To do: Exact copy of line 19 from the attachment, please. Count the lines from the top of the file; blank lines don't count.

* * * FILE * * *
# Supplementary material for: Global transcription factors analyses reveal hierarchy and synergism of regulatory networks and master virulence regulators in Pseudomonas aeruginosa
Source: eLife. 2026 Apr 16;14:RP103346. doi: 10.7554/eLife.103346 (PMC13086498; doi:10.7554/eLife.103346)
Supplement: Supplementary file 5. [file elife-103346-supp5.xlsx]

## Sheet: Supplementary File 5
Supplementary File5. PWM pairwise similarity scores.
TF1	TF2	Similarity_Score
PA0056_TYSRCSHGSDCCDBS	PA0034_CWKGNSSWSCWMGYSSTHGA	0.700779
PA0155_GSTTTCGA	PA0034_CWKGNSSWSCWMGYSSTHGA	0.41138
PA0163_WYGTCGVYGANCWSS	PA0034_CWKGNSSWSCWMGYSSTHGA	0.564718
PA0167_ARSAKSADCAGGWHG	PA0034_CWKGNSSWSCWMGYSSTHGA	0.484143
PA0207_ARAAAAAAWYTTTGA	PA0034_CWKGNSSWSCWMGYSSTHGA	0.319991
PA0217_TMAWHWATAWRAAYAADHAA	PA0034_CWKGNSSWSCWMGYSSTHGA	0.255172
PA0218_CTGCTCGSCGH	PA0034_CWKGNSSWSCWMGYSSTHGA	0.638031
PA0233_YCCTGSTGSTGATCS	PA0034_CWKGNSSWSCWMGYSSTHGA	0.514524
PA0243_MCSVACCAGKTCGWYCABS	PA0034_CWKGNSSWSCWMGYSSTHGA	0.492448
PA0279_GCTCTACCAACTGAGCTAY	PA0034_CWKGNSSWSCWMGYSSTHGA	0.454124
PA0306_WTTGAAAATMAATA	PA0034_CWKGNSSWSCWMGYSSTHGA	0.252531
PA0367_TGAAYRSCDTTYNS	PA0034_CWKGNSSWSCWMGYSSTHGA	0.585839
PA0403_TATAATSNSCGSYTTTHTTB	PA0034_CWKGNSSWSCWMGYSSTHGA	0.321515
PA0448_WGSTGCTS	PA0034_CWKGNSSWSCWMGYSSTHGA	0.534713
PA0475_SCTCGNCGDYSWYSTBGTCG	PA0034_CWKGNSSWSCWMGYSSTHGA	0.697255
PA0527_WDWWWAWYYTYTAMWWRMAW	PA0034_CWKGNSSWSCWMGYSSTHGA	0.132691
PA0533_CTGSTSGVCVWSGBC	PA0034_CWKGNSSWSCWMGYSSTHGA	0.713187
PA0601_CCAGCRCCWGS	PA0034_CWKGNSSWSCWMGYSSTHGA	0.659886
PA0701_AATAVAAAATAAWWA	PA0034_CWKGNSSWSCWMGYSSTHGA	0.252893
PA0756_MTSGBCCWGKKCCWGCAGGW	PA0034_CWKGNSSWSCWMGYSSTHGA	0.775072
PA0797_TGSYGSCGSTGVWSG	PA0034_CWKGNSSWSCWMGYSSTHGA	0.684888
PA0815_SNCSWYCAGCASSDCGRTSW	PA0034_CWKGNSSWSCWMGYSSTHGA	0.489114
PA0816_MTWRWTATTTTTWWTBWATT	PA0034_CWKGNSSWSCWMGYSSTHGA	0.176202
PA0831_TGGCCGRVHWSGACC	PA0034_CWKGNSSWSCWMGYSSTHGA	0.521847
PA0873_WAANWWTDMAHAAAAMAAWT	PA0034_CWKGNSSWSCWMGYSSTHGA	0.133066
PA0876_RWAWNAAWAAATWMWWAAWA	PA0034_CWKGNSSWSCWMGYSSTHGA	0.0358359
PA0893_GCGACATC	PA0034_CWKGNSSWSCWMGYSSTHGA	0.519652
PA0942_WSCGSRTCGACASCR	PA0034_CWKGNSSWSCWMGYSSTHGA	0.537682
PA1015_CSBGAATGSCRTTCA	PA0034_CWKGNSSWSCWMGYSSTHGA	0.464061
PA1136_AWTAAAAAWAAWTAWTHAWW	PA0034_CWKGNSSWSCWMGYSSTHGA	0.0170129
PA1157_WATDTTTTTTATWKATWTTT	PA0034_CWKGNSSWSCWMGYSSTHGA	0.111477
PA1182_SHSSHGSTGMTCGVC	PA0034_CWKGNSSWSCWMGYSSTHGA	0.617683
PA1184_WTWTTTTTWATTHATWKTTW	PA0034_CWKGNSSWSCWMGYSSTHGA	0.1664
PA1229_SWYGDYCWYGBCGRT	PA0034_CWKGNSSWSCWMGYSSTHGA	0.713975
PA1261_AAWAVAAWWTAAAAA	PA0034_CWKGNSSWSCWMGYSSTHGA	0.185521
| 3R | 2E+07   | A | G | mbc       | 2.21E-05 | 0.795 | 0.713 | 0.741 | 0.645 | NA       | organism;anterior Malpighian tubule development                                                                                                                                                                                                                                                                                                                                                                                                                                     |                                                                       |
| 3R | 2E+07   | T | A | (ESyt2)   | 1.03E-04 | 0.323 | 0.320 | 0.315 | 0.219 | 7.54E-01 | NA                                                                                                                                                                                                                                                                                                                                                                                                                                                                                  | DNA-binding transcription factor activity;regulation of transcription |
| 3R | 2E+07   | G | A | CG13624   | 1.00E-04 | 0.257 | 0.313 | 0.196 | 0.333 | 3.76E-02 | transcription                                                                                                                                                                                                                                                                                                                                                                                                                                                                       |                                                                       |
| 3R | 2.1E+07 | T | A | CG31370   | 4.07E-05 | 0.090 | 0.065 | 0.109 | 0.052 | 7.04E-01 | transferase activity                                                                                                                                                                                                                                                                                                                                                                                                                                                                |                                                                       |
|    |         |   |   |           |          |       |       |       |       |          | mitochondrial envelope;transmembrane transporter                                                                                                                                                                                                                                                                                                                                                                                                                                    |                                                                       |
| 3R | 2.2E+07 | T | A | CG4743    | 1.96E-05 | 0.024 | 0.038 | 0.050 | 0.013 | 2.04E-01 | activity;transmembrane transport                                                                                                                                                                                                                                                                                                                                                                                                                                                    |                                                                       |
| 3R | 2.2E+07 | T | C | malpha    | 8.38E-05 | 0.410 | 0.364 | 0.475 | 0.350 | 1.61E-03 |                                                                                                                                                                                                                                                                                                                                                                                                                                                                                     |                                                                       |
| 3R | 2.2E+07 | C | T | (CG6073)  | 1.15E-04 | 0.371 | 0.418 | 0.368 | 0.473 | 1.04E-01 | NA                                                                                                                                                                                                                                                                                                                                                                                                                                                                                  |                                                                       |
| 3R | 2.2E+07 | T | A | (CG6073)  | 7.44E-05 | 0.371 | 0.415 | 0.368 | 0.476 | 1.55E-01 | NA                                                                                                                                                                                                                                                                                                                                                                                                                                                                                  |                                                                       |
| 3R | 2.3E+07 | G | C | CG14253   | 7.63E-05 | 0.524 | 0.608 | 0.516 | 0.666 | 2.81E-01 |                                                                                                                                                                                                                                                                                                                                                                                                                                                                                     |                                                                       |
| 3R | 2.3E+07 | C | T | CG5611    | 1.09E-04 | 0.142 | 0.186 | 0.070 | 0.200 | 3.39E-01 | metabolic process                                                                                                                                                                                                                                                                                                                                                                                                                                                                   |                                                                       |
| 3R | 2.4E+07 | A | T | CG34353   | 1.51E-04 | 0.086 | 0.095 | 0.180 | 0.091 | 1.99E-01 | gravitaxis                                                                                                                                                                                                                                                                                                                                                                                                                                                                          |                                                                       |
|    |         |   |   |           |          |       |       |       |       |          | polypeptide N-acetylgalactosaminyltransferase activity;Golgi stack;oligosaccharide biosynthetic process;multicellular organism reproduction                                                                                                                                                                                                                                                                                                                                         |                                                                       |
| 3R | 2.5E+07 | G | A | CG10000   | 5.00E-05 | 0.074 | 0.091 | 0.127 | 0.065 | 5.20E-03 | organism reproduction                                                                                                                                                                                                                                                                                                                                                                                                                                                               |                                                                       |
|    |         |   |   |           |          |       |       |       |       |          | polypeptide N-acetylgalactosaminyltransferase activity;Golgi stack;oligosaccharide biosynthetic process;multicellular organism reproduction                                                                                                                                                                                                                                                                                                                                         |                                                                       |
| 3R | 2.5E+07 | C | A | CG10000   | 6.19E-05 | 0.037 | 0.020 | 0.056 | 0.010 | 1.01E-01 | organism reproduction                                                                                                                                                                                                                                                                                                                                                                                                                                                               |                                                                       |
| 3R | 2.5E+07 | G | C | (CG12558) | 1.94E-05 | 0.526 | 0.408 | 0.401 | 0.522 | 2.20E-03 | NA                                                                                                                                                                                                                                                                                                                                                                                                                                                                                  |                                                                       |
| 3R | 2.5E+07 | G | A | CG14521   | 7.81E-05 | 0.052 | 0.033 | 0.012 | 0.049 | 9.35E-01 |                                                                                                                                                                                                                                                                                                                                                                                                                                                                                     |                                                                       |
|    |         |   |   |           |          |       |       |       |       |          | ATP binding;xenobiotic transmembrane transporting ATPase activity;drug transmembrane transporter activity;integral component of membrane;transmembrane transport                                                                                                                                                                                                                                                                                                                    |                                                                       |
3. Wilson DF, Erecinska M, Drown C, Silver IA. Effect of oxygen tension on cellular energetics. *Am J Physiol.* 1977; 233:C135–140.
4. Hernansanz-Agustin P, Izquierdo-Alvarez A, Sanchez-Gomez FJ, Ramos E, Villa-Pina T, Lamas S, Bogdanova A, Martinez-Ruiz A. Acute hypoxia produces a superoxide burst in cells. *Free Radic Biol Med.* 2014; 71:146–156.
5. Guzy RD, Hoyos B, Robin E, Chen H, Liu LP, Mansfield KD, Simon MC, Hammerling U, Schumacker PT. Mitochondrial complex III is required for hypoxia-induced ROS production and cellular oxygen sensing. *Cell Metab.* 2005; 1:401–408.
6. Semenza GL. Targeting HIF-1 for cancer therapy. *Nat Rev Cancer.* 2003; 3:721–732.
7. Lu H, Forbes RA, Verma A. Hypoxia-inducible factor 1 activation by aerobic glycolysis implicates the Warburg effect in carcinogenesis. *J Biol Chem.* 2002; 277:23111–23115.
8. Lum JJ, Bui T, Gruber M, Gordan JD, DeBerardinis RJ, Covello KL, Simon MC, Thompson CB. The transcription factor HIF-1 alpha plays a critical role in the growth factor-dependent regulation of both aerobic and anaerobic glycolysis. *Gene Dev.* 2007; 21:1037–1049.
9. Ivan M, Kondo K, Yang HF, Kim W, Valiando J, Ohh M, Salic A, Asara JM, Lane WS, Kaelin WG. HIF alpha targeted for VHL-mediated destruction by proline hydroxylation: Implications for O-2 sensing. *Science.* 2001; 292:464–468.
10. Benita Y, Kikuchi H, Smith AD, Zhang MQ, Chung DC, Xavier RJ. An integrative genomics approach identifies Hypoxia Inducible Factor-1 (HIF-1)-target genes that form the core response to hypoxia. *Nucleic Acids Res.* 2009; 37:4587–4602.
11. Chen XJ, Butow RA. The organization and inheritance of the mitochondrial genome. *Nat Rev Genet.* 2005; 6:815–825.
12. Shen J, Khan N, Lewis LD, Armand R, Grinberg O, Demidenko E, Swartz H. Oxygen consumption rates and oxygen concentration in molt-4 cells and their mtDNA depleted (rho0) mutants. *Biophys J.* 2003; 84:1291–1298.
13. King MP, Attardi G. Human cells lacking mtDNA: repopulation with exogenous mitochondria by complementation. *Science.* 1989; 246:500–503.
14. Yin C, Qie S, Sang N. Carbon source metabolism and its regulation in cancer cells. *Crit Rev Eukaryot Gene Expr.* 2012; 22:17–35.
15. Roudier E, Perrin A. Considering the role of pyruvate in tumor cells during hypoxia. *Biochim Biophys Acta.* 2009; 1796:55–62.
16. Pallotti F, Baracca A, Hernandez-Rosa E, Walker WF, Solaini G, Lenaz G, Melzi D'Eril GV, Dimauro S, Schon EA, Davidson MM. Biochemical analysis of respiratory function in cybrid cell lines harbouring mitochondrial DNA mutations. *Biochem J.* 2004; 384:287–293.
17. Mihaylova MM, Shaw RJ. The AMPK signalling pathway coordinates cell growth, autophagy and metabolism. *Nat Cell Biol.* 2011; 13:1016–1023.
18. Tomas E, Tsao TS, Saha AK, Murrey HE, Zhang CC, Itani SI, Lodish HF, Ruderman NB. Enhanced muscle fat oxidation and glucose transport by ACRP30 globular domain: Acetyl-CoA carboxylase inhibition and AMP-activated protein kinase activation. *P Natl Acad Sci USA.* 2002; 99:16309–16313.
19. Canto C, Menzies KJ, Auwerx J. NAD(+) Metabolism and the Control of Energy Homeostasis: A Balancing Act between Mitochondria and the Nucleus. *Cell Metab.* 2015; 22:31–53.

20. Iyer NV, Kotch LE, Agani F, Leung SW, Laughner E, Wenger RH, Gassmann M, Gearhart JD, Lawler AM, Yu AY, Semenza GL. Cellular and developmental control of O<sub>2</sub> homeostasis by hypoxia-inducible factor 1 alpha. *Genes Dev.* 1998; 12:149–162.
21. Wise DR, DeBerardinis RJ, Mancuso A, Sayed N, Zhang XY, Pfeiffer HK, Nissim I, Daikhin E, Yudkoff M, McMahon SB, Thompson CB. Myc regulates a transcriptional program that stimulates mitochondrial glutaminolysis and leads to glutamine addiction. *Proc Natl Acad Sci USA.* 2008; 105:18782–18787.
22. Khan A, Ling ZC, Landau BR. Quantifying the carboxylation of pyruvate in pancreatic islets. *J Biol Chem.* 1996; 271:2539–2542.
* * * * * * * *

PA0403_TATAATSNSCGSYTTTHTTB	PA0034_CWKGNSSWSCWMGYSSTHGA	0.321515